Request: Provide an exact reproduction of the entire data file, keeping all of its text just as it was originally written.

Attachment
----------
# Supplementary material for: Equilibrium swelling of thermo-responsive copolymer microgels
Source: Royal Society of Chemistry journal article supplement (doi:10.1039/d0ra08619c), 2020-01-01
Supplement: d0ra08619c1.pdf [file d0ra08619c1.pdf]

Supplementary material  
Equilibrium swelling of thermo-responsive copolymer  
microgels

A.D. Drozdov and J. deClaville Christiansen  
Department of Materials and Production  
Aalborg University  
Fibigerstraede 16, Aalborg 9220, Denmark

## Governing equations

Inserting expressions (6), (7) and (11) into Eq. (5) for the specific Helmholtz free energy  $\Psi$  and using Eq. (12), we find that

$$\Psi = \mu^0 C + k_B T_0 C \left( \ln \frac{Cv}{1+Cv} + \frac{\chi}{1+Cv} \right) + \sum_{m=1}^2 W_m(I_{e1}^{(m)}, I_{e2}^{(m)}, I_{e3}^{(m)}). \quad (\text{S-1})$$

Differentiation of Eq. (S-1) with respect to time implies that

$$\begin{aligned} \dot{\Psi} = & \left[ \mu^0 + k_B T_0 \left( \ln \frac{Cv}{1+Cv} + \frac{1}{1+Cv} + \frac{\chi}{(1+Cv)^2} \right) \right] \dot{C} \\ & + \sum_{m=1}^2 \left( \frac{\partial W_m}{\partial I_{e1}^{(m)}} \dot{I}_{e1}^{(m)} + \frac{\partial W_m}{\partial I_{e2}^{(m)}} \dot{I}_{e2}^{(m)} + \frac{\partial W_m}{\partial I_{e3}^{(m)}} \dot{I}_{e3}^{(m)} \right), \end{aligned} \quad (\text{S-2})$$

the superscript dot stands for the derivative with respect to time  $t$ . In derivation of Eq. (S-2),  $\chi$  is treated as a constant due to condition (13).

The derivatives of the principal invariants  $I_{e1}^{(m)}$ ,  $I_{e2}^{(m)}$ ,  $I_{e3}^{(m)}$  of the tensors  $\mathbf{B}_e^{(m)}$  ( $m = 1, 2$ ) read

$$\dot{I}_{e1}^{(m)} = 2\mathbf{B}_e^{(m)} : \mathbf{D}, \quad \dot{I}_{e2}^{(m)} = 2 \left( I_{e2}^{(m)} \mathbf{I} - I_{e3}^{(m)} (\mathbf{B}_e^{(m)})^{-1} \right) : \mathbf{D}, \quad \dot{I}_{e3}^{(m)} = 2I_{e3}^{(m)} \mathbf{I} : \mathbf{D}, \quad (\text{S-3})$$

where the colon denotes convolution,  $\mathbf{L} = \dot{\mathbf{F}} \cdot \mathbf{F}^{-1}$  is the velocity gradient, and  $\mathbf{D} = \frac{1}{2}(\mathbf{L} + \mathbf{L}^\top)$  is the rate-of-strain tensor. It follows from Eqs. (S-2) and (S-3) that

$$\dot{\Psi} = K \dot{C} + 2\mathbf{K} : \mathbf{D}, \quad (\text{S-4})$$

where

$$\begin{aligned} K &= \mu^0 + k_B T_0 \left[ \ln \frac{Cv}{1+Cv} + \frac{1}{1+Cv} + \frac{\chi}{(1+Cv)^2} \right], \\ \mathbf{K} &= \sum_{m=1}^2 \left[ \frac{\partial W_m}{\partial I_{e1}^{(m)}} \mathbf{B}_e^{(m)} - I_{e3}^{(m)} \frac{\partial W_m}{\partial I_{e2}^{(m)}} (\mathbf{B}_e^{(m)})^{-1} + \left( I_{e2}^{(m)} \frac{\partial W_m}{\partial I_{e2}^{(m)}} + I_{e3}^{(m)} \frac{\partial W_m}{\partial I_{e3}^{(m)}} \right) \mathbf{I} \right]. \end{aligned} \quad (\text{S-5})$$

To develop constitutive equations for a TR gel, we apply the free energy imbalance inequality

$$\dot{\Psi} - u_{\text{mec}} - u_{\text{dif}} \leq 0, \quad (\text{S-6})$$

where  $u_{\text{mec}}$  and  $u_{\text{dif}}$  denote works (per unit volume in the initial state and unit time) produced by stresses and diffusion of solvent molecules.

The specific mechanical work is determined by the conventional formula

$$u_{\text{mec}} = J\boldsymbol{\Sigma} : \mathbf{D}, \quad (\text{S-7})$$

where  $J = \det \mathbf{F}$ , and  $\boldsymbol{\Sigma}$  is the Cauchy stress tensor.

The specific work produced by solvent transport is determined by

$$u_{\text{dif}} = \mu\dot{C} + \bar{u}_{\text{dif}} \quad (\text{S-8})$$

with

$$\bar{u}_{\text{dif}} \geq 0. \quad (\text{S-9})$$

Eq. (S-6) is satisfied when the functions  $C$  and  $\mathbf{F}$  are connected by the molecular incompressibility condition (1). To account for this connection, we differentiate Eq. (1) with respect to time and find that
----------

# Supplementary material for: Equilibrium swelling of thermo-responsive copolymer microgels
Source: Royal Society of Chemistry journal article supplement (doi:10.1039/d0ra08619c), 2020-01-01
Supplement: d0ra08619c1.pdf [file d0ra08619c1.pdf]

Supplementary material  
Equilibrium swelling of thermo-responsive copolymer  
microgels

A.D. Drozdov and J. deClaville Christiansen  
Department of Materials and Production  
Aalborg University  
Fibigerstraede 16, Aalborg 9220, Denmark

## Governing equations

Inserting expressions (6), (7) and (11) into Eq. (5) for the specific Helmholtz free energy  $\Psi$  and using Eq. (12), we find that

$$\Psi = \mu^0 C + k_B T_0 C \left( \ln \frac{Cv}{1+Cv} + \frac{\chi}{1+Cv} \right) + \sum_{m=1}^2 W_m(I_{e1}^{(m)}, I_{e2}^{(m)}, I_{e3}^{(m)}). \quad (\text{S-1})$$

Differentiation of Eq. (S-1) with respect to time implies that

$$\begin{aligned} \dot{\Psi} = & \left[ \mu^0 + k_B T_0 \left( \ln \frac{Cv}{1+Cv} + \frac{1}{1+Cv} + \frac{\chi}{(1+Cv)^2} \right) \right] \dot{C} \\ & + \sum_{m=1}^2 \left( \frac{\partial W_m}{\partial I_{e1}^{(m)}} \dot{I}_{e1}^{(m)} + \frac{\partial W_m}{\partial I_{e2}^{(m)}} \dot{I}_{e2}^{(m)} + \frac{\partial W_m}{\partial I_{e3}^{(m)}} \dot{I}_{e3}^{(m)} \right), \end{aligned} \quad (\text{S-2})$$

the superscript dot stands for the derivative with respect to time  $t$ . In derivation of Eq. (S-2),  $\chi$  is treated as a constant due to condition (13).

The derivatives of the principal invariants  $I_{e1}^{(m)}$ ,  $I_{e2}^{(m)}$ ,  $I_{e3}^{(m)}$  of the tensors  $\mathbf{B}_e^{(m)}$  ( $m = 1, 2$ ) read

$$\dot{I}_{e1}^{(m)} = 2\mathbf{B}_e^{(m)} : \mathbf{D}, \quad \dot{I}_{e2}^{(m)} = 2 \left( I_{e2}^{(m)} \mathbf{I} - I_{e3}^{(m)} (\mathbf{B}_e^{(m)})^{-1} \right) : \mathbf{D}, \quad \dot{I}_{e3}^{(m)} = 2I_{e3}^{(m)} \mathbf{I} : \mathbf{D}, \quad (\text{S-3})$$

where the colon denotes convolution,  $\mathbf{L} = \dot{\mathbf{F}} \cdot \mathbf{F}^{-1}$  is the velocity gradient, and  $\mathbf{D} = \frac{1}{2}(\mathbf{L} + \mathbf{L}^\top)$  is the rate-of-strain tensor. It follows from Eqs. (S-2) and (S-3) that

$$\dot{\Psi} = K \dot{C} + 2\mathbf{K} : \mathbf{D}, \quad (\text{S-4})$$

where

$$\begin{aligned} K &= \mu^0 + k_B T_0 \left[ \ln \frac{Cv}{1+Cv} + \frac{1}{1+Cv} + \frac{\chi}{(1+Cv)^2} \right], \\ \mathbf{K} &= \sum_{m=1}^2 \left[ \frac{\partial W_m}{\partial I_{e1}^{(m)}} \mathbf{B}_e^{(m)} - I_{e3}^{(m)} \frac{\partial W_m}{\partial I_{e2}^{(m)}} (\mathbf{B}_e^{(m)})^{-1} + \left( I_{e2}^{(m)} \frac{\partial W_m}{\partial I_{e2}^{(m)}} + I_{e3}^{(m)} \frac{\partial W_m}{\partial I_{e3}^{(m)}} \right) \mathbf{I} \right]. \end{aligned} \quad (\text{S-5})$$

To develop constitutive equations for a TR gel, we apply the free energy imbalance inequality

$$\dot{\Psi} - u_{\text{mec}} - u_{\text{dif}} \leq 0, \quad (\text{S-6})$$

where  $u_{\text{mec}}$  and  $u_{\text{dif}}$  denote works (per unit volume in the initial state and unit time) produced by stresses and diffusion of solvent molecules.

The specific mechanical work is determined by the conventional formula

$$u_{\text{mec}} = J\boldsymbol{\Sigma} : \mathbf{D}, \quad (\text{S-7})$$

where  $J = \det \mathbf{F}$ , and  $\boldsymbol{\Sigma}$  is the Cauchy stress tensor.

The specific work produced by solvent transport is determined by

$$u_{\text{dif}} = \mu\dot{C} + \bar{u}_{\text{dif}} \quad (\text{S-8})$$

with

$$\bar{u}_{\text{dif}} \geq 0. \quad (\text{S-9})$$

Eq. (S-6) is satisfied when the functions  $C$  and  $\mathbf{F}$  are connected by the molecular incompressibility condition (1). To account for this connection, we differentiate Eq. (1) with respect to time and find that